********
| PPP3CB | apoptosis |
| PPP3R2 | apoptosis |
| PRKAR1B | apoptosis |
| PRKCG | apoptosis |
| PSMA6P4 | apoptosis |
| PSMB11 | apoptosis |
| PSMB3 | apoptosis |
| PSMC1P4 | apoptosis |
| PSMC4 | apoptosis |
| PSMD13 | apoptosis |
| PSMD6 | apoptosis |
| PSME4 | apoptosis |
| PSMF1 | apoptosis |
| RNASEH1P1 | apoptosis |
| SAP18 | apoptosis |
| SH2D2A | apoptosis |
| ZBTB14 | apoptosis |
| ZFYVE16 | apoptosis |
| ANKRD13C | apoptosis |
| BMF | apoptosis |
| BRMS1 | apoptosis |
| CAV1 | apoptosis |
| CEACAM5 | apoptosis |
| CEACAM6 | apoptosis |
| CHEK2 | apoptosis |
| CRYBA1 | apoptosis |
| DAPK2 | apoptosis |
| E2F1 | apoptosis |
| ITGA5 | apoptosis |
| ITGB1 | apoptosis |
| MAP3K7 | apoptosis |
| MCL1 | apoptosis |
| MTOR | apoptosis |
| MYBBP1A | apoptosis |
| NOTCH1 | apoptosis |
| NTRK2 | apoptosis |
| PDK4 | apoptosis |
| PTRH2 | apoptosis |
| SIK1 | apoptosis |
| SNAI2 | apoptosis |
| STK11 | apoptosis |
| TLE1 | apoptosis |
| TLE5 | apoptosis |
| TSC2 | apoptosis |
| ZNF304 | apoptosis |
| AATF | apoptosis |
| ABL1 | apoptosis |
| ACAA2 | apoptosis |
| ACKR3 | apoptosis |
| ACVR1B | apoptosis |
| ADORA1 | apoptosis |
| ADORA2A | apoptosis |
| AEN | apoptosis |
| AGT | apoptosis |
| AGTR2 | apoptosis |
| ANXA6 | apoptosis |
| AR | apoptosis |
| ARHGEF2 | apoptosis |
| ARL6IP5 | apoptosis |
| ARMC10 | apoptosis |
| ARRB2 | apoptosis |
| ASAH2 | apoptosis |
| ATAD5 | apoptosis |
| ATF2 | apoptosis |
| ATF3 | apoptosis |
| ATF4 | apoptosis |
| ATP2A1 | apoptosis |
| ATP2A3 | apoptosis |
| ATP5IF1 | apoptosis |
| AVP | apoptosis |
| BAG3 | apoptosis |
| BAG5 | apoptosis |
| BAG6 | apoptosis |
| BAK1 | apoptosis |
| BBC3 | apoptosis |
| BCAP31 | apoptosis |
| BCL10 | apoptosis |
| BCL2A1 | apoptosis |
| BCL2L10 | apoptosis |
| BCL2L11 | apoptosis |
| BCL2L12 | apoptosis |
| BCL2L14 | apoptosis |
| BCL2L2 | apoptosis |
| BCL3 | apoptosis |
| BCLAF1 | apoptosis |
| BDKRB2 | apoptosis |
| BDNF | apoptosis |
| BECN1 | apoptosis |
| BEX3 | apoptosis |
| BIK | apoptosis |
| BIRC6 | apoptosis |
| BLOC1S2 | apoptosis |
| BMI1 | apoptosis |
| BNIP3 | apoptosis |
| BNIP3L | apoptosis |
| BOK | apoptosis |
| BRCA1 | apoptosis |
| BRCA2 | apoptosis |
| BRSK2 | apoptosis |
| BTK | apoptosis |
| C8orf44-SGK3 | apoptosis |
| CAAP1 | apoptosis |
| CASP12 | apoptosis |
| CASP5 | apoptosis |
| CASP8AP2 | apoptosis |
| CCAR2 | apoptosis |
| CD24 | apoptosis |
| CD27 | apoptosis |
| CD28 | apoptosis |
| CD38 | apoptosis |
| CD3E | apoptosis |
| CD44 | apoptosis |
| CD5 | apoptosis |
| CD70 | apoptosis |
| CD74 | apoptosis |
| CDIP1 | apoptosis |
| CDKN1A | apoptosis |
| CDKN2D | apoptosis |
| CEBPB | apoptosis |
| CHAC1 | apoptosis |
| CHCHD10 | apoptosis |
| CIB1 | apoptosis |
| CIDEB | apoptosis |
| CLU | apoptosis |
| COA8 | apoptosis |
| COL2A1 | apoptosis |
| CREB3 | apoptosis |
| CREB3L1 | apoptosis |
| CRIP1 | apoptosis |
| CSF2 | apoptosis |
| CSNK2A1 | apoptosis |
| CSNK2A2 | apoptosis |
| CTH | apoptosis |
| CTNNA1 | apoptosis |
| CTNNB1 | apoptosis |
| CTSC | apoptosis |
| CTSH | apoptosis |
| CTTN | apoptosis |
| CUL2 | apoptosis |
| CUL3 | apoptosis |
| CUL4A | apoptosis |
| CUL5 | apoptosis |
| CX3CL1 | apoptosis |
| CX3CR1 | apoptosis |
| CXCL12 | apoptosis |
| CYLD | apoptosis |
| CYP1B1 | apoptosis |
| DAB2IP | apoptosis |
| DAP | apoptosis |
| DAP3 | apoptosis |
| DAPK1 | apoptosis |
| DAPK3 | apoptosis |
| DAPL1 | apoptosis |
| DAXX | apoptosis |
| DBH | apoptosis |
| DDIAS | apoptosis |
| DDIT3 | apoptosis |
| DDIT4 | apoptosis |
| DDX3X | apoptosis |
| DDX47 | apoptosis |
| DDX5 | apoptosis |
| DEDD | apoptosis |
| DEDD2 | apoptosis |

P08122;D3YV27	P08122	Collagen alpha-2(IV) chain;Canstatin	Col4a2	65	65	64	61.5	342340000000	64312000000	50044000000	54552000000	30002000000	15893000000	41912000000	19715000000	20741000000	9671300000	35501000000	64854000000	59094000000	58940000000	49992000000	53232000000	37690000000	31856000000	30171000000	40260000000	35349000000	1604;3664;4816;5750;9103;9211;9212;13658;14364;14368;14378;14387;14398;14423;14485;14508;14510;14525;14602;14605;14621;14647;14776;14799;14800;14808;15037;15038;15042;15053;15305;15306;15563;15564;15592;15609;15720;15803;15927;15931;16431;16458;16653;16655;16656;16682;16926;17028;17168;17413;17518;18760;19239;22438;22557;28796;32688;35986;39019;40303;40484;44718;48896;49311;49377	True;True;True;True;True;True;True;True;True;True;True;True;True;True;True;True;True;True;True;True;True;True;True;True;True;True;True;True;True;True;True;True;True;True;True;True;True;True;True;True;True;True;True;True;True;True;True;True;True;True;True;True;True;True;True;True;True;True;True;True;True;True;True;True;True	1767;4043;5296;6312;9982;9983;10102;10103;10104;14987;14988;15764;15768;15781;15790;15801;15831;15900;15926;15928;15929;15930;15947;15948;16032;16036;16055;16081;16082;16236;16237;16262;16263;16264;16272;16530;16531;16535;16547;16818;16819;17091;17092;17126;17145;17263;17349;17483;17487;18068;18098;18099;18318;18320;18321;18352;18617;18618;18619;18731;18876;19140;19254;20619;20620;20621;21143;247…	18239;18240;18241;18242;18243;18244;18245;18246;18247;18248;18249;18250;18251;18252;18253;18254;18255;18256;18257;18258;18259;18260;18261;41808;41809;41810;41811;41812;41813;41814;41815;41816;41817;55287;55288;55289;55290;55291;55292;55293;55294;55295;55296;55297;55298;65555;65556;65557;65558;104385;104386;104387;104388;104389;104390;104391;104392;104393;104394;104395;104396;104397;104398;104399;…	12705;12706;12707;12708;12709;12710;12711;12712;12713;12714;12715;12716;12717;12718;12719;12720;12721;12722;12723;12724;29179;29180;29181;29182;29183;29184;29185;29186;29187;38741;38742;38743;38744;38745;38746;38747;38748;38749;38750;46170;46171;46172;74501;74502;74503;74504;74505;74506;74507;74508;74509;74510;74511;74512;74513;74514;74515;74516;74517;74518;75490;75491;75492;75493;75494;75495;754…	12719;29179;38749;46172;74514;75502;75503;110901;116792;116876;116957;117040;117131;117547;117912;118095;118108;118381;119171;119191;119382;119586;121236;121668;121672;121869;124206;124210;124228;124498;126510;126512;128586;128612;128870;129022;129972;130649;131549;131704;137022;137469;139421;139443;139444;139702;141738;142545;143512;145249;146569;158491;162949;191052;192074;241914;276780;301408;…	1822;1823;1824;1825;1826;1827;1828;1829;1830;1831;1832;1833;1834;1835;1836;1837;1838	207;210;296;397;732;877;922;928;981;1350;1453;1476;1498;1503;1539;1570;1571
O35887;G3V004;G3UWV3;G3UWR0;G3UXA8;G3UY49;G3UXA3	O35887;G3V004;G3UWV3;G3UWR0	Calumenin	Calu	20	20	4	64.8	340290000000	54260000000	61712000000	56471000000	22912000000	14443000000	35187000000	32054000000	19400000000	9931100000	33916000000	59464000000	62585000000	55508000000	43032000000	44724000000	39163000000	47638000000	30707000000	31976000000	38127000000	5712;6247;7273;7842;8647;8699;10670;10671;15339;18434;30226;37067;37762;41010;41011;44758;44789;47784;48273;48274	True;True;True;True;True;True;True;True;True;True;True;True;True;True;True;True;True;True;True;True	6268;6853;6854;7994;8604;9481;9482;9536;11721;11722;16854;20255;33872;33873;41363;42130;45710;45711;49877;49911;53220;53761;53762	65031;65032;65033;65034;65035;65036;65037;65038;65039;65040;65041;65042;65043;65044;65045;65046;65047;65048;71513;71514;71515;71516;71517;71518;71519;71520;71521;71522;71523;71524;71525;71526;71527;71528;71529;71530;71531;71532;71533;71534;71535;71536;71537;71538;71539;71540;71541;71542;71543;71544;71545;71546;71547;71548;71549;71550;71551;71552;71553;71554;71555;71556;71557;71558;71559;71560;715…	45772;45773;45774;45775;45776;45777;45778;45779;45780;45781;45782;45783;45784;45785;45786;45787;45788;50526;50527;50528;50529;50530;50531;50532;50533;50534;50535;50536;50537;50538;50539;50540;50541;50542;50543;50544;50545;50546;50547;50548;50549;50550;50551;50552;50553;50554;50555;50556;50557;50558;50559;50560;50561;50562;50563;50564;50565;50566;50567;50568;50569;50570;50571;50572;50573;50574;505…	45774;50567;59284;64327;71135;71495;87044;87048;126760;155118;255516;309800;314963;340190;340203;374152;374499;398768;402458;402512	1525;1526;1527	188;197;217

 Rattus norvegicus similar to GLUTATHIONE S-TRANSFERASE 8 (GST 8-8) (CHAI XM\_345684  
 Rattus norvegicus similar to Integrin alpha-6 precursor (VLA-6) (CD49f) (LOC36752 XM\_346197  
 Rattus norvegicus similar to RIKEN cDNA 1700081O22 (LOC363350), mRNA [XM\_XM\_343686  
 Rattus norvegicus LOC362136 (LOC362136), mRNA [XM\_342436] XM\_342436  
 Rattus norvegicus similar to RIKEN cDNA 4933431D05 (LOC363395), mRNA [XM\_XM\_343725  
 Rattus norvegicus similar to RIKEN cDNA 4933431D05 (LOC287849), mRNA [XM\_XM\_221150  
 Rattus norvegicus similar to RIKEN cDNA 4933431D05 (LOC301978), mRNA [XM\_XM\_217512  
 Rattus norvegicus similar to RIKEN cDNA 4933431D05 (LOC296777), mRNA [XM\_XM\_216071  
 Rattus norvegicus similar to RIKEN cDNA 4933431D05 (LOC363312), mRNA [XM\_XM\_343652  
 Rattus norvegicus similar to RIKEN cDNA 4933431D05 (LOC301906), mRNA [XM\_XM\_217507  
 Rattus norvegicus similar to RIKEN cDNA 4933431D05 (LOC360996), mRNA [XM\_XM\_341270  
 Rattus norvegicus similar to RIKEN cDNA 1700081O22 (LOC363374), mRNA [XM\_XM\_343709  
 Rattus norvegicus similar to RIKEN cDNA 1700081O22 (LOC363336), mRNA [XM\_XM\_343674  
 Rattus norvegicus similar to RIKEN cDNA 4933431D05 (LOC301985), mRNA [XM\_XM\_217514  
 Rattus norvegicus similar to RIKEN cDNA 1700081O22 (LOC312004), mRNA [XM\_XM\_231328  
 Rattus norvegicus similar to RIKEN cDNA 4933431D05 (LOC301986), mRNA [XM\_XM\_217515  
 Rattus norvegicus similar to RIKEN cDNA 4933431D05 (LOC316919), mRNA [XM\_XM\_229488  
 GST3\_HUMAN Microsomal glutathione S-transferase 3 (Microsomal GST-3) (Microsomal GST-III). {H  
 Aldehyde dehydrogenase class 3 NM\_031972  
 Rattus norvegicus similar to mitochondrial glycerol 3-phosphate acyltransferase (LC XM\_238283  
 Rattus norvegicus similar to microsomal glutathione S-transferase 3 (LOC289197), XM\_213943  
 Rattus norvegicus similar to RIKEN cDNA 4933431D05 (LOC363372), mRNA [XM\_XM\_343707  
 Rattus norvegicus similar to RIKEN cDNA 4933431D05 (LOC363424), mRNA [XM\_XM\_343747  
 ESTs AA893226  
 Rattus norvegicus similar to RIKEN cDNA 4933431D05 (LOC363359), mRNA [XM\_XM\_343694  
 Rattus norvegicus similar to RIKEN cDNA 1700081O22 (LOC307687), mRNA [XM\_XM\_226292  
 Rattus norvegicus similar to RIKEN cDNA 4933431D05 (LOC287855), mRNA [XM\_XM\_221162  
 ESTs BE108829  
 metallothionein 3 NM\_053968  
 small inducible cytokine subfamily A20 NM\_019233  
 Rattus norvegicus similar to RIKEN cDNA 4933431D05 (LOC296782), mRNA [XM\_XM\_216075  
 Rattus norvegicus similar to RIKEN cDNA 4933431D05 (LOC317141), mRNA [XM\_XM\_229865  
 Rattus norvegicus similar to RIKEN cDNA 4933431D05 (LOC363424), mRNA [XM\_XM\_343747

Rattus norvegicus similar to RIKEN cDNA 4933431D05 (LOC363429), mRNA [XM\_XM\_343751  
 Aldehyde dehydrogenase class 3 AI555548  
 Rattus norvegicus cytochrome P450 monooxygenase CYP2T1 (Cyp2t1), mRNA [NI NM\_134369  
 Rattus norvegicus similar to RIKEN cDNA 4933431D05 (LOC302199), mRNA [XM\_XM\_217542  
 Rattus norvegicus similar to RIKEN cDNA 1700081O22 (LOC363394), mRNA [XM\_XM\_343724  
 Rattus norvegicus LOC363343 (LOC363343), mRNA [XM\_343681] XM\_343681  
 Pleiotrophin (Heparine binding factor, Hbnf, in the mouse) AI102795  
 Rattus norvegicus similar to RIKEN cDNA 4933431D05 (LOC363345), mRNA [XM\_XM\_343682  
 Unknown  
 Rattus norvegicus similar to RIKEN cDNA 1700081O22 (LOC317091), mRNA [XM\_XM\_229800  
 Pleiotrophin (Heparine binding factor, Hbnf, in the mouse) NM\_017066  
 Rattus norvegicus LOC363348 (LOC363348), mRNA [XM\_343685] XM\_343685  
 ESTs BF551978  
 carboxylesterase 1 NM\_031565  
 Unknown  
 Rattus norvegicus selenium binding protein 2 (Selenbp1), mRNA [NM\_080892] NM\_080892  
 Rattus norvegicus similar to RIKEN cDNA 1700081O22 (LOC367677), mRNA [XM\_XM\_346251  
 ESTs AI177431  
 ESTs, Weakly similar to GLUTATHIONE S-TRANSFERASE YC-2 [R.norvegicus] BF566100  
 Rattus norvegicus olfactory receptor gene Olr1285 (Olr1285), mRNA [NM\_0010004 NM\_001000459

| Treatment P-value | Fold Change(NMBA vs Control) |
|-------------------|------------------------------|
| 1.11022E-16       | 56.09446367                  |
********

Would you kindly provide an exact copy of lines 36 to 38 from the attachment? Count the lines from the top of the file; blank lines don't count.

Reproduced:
| NTRK2 | apoptosis |
| PDK4 | apoptosis |
| PTRH2 | apoptosis |